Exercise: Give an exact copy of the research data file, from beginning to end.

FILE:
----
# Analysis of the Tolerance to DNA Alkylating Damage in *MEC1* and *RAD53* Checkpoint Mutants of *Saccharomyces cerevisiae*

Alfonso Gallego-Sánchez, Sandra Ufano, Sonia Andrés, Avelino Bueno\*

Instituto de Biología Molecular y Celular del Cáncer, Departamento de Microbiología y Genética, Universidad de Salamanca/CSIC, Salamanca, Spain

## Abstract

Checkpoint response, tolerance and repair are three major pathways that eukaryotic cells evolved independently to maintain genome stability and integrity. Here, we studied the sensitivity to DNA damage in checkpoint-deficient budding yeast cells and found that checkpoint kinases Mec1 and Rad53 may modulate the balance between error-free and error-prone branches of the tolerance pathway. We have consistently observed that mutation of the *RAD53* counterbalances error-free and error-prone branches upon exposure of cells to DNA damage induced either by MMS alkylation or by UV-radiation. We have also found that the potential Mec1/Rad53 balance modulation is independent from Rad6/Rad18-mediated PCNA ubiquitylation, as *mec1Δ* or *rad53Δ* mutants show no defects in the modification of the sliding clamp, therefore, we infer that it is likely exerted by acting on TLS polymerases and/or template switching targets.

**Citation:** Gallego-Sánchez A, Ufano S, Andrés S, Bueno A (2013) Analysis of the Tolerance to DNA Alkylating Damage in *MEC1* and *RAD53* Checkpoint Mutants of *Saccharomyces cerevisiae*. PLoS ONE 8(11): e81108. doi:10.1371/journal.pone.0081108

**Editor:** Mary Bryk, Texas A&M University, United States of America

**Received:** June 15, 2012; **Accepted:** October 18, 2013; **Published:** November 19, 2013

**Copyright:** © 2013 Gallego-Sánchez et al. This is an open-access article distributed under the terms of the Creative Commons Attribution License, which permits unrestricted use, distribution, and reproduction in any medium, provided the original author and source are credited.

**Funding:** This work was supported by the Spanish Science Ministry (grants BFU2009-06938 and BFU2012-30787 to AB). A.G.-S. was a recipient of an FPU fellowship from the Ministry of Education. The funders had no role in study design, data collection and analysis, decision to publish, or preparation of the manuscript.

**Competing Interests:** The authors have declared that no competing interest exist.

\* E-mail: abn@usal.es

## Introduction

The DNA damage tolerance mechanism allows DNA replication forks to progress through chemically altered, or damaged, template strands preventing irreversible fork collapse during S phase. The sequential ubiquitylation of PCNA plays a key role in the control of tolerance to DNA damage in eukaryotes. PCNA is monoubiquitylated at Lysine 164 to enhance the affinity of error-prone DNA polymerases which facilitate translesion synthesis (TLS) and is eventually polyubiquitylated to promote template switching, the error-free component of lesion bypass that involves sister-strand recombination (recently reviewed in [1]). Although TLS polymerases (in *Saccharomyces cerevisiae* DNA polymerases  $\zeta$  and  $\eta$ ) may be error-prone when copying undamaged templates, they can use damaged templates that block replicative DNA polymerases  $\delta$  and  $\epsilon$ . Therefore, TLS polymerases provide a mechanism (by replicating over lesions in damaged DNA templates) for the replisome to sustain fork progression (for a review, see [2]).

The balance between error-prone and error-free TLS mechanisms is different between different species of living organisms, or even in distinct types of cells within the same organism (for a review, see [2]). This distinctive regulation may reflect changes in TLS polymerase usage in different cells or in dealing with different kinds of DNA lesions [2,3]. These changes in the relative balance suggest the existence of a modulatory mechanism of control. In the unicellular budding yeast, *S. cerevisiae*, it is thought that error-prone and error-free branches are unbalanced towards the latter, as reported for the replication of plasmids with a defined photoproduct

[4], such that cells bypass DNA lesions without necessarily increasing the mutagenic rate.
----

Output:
# Analysis of the Tolerance to DNA Alkylating Damage in *MEC1* and *RAD53* Checkpoint Mutants of *Saccharomyces cerevisiae*

Alfonso Gallego-Sánchez, Sandra Ufano, Sonia Andrés, Avelino Bueno\*

Instituto de Biología Molecular y Celular del Cáncer, Departamento de Microbiología y Genética, Universidad de Salamanca/CSIC, Salamanca, Spain

## Abstract

Checkpoint response, tolerance and repair are three major pathways that eukaryotic cells evolved independently to maintain genome stability and integrity. Here, we studied the sensitivity to DNA damage in checkpoint-deficient budding yeast cells and found that checkpoint kinases Mec1 and Rad53 may modulate the balance between error-free and error-prone branches of the tolerance pathway. We have consistently observed that mutation of the *RAD53* counterbalances error-free and error-prone branches upon exposure of cells to DNA damage induced either by MMS alkylation or by UV-radiation. We have also found that the potential Mec1/Rad53 balance modulation is independent from Rad6/Rad18-mediated PCNA ubiquitylation, as *mec1Δ* or *rad53Δ* mutants show no defects in the modification of the sliding clamp, therefore, we infer that it is likely exerted by acting on TLS polymerases and/or template switching targets.

**Citation:** Gallego-Sánchez A, Ufano S, Andrés S, Bueno A (2013) Analysis of the Tolerance to DNA Alkylating Damage in *MEC1* and *RAD53* Checkpoint Mutants of *Saccharomyces cerevisiae*. PLoS ONE 8(11): e81108. doi:10.1371/journal.pone.0081108

**Editor:** Mary Bryk, Texas A&M University, United States of America

**Received:** June 15, 2012; **Accepted:** October 18, 2013; **Published:** November 19, 2013

**Copyright:** © 2013 Gallego-Sánchez et al. This is an open-access article distributed under the terms of the Creative Commons Attribution License, which permits unrestricted use, distribution, and reproduction in any medium, provided the original author and source are credited.

**Funding:** This work was supported by the Spanish Science Ministry (grants BFU2009-06938 and BFU2012-30787 to AB). A.G.-S. was a recipient of an FPU fellowship from the Ministry of Education. The funders had no role in study design, data collection and analysis, decision to publish, or preparation of the manuscript.

**Competing Interests:** The authors have declared that no competing interest exist.

\* E-mail: abn@usal.es

## Introduction

The DNA damage tolerance mechanism allows DNA replication forks to progress through chemically altered, or damaged, template strands preventing irreversible fork collapse during S phase. The sequential ubiquitylation of PCNA plays a key role in the control of tolerance to DNA damage in eukaryotes. PCNA is monoubiquitylated at Lysine 164 to enhance the affinity of error-prone DNA polymerases which facilitate translesion synthesis (TLS) and is eventually polyubiquitylated to promote template switching, the error-free component of lesion bypass that involves sister-strand recombination (recently reviewed in [1]). Although TLS polymerases (in *Saccharomyces cerevisiae* DNA polymerases  $\zeta$  and  $\eta$ ) may be error-prone when copying undamaged templates, they can use damaged templates that block replicative DNA polymerases  $\delta$  and  $\epsilon$ . Therefore, TLS polymerases provide a mechanism (by replicating over lesions in damaged DNA templates) for the replisome to sustain fork progression (for a review, see [2]).

The balance between error-prone and error-free TLS mechanisms is different between different species of living organisms, or even in distinct types of cells within the same organism (for a review, see [2]). This distinctive regulation may reflect changes in TLS polymerase usage in different cells or in dealing with different kinds of DNA lesions [2,3]. These changes in the relative balance suggest the existence of a modulatory mechanism of control. In the unicellular budding yeast, *S. cerevisiae*, it is thought that error-prone and error-free branches are unbalanced towards the latter, as reported for the replication of plasmids with a defined photoproduct

[4], such that cells bypass DNA lesions without necessarily increasing the mutagenic rate.